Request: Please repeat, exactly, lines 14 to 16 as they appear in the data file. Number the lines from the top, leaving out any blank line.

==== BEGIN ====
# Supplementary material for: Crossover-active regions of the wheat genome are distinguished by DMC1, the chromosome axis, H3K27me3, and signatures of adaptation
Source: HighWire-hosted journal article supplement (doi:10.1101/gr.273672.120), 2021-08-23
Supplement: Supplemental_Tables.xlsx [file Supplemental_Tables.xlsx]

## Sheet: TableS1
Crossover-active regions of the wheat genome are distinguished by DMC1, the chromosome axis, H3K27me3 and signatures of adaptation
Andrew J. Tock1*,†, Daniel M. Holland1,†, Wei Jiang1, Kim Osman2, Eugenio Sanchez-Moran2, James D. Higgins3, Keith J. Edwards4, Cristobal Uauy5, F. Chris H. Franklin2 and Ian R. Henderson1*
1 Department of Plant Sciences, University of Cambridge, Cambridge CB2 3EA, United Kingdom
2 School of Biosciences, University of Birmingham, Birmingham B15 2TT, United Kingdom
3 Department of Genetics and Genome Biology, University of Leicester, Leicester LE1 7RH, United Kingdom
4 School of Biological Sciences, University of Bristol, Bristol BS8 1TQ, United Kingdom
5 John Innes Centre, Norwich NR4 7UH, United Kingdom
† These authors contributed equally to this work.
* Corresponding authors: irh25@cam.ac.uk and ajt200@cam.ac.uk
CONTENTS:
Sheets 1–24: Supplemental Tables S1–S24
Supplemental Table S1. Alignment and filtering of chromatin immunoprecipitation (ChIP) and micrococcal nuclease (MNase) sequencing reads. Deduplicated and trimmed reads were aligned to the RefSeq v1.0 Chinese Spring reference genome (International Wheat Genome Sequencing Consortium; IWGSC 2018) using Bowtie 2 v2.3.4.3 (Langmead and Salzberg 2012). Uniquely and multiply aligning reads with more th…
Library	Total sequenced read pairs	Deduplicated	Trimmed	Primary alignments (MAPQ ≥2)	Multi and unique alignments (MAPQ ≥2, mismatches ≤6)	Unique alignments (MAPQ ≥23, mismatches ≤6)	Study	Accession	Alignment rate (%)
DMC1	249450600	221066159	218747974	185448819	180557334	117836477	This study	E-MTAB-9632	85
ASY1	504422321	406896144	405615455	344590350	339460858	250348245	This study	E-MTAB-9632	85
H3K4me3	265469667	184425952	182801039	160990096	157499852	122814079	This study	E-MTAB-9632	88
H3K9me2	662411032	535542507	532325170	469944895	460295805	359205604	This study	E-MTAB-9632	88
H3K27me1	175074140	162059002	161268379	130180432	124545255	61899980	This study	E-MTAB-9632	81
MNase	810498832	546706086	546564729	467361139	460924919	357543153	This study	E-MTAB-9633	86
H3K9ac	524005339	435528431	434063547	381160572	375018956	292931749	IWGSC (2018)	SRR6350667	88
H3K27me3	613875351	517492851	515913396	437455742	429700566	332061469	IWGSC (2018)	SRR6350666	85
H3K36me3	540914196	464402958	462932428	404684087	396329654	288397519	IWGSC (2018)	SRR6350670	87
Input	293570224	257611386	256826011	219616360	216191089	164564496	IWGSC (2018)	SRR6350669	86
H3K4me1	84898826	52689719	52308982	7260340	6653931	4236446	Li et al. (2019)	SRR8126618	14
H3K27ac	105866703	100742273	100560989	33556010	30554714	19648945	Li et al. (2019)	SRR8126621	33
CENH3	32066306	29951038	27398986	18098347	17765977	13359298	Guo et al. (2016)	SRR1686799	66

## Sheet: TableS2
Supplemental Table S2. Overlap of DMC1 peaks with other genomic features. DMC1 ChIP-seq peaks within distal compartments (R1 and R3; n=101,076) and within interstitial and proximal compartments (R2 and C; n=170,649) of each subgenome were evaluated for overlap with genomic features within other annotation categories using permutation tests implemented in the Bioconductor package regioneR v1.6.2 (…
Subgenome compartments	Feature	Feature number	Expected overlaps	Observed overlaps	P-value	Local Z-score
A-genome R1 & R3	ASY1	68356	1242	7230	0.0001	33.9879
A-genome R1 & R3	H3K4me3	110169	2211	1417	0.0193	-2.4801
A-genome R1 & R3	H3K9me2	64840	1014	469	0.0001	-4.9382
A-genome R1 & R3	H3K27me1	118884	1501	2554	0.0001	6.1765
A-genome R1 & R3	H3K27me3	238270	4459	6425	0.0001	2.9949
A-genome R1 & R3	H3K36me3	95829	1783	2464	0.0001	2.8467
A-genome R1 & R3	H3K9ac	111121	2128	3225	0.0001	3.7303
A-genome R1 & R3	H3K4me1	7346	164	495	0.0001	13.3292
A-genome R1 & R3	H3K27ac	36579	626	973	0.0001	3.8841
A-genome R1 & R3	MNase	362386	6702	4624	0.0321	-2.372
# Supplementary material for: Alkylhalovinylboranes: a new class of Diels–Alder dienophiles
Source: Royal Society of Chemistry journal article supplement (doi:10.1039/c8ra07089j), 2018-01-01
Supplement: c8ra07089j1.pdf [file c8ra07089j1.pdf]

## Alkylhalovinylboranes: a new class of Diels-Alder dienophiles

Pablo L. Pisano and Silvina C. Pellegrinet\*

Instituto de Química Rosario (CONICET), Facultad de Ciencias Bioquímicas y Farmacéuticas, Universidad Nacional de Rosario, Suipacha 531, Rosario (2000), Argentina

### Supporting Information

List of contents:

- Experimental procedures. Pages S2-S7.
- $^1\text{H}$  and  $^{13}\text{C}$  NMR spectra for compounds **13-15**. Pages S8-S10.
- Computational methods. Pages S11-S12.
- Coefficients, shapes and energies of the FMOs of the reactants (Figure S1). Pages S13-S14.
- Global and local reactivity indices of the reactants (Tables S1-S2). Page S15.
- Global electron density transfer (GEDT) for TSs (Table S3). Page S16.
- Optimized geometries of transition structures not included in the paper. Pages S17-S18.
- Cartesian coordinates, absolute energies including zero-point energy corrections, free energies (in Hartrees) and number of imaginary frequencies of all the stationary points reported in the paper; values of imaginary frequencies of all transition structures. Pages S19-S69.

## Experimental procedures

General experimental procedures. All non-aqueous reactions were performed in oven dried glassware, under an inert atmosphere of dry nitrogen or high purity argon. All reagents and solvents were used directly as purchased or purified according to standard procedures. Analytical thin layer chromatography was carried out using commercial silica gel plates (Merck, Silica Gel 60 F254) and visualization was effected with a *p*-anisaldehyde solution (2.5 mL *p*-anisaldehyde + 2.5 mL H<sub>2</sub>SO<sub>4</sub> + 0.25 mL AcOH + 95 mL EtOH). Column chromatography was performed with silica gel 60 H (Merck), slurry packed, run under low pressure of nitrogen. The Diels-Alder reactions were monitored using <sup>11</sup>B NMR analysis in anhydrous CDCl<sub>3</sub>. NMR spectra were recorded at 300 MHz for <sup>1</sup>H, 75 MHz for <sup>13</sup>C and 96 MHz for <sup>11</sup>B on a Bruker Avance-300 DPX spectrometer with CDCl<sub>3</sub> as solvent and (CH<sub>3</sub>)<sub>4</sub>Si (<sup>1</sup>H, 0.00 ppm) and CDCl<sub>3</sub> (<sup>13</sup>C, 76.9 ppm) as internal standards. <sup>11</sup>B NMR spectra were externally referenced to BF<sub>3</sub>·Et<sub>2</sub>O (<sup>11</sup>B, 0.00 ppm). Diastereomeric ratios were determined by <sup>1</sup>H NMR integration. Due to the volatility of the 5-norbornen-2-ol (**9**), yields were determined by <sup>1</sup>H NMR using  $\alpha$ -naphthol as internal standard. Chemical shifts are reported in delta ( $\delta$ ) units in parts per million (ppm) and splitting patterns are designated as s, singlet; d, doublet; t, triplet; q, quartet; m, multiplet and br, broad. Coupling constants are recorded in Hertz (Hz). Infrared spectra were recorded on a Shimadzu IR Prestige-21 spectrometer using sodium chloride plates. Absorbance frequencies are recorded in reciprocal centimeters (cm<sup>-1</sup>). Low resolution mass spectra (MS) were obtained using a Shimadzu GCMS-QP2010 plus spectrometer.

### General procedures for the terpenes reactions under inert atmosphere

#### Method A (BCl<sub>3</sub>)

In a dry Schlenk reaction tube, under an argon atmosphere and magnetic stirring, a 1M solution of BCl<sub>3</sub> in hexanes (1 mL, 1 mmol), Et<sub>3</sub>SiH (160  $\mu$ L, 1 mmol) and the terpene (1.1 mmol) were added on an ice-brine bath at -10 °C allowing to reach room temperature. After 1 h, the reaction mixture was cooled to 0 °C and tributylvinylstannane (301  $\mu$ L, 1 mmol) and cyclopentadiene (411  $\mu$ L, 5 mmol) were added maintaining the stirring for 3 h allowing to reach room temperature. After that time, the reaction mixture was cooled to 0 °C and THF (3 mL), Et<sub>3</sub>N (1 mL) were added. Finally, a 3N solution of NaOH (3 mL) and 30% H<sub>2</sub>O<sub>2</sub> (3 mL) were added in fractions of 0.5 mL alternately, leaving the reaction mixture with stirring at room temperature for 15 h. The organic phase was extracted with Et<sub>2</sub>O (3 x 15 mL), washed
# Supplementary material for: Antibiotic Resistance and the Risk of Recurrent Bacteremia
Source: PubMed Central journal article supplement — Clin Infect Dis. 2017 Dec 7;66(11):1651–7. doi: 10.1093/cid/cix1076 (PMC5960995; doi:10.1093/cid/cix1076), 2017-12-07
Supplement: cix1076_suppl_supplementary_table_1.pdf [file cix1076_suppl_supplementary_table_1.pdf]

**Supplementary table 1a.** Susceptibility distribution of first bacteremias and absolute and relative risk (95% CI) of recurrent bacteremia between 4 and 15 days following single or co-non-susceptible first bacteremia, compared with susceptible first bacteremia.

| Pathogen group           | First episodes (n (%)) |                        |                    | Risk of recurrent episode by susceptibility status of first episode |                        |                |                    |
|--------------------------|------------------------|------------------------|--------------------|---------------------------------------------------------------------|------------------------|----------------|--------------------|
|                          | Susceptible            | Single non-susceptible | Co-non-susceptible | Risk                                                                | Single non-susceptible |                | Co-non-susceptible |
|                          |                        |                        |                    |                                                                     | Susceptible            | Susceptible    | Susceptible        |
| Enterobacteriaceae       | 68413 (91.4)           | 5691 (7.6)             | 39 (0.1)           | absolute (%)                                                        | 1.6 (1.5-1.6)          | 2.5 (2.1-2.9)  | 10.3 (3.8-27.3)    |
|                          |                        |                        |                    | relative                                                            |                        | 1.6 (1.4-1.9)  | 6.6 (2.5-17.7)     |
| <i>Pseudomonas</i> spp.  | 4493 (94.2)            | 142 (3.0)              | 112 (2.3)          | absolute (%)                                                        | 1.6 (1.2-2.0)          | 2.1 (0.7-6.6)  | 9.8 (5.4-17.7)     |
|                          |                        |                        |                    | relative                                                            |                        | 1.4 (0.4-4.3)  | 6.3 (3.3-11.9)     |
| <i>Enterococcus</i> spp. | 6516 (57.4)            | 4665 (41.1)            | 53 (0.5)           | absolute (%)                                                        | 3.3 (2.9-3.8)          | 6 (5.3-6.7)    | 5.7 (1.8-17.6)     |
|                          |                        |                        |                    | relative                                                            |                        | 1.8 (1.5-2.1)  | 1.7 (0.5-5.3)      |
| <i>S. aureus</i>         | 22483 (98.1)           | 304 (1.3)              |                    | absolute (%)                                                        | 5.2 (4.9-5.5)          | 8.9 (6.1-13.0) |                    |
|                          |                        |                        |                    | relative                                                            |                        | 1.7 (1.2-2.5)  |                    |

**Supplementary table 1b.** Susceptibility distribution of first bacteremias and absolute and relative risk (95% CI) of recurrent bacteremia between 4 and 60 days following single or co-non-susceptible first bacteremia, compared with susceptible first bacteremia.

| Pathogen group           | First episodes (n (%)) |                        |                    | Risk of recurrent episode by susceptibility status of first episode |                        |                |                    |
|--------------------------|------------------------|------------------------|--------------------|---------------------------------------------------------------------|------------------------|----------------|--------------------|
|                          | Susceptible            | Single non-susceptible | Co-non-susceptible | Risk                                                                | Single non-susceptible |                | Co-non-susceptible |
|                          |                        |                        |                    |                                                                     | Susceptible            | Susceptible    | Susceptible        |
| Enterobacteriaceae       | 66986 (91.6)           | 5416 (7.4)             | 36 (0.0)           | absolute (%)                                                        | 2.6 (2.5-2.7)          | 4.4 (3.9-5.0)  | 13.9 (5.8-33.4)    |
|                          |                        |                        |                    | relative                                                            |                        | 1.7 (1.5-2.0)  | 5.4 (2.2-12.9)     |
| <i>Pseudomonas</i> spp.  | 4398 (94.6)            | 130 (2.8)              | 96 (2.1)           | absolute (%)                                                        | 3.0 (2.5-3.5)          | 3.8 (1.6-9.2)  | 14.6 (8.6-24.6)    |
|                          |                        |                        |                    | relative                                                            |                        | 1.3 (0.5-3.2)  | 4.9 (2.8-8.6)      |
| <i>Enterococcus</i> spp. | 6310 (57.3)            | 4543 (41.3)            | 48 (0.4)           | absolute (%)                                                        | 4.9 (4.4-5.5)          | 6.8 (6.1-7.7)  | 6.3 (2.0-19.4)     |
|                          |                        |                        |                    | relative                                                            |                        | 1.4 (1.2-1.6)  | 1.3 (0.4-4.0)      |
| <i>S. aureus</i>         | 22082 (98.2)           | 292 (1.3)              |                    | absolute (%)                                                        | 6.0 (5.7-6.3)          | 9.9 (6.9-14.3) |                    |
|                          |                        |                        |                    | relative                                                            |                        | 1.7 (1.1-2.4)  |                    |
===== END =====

CONTENTS:
Sheets 1–24: Supplemental Tables S1–S24
Supplemental Table S1. Alignment and filtering of chromatin immunoprecipitation (ChIP) and micrococcal nuclease (MNase) sequencing reads. Deduplicated and trimmed reads were aligned to the RefSeq v1.0 Chinese Spring reference genome (International Wheat Genome Sequencing Consortium; IWGSC 2018) using Bowtie 2 v2.3.4.3 (Langmead and Salzberg 2012). Uniquely and multiply aligning reads with more th…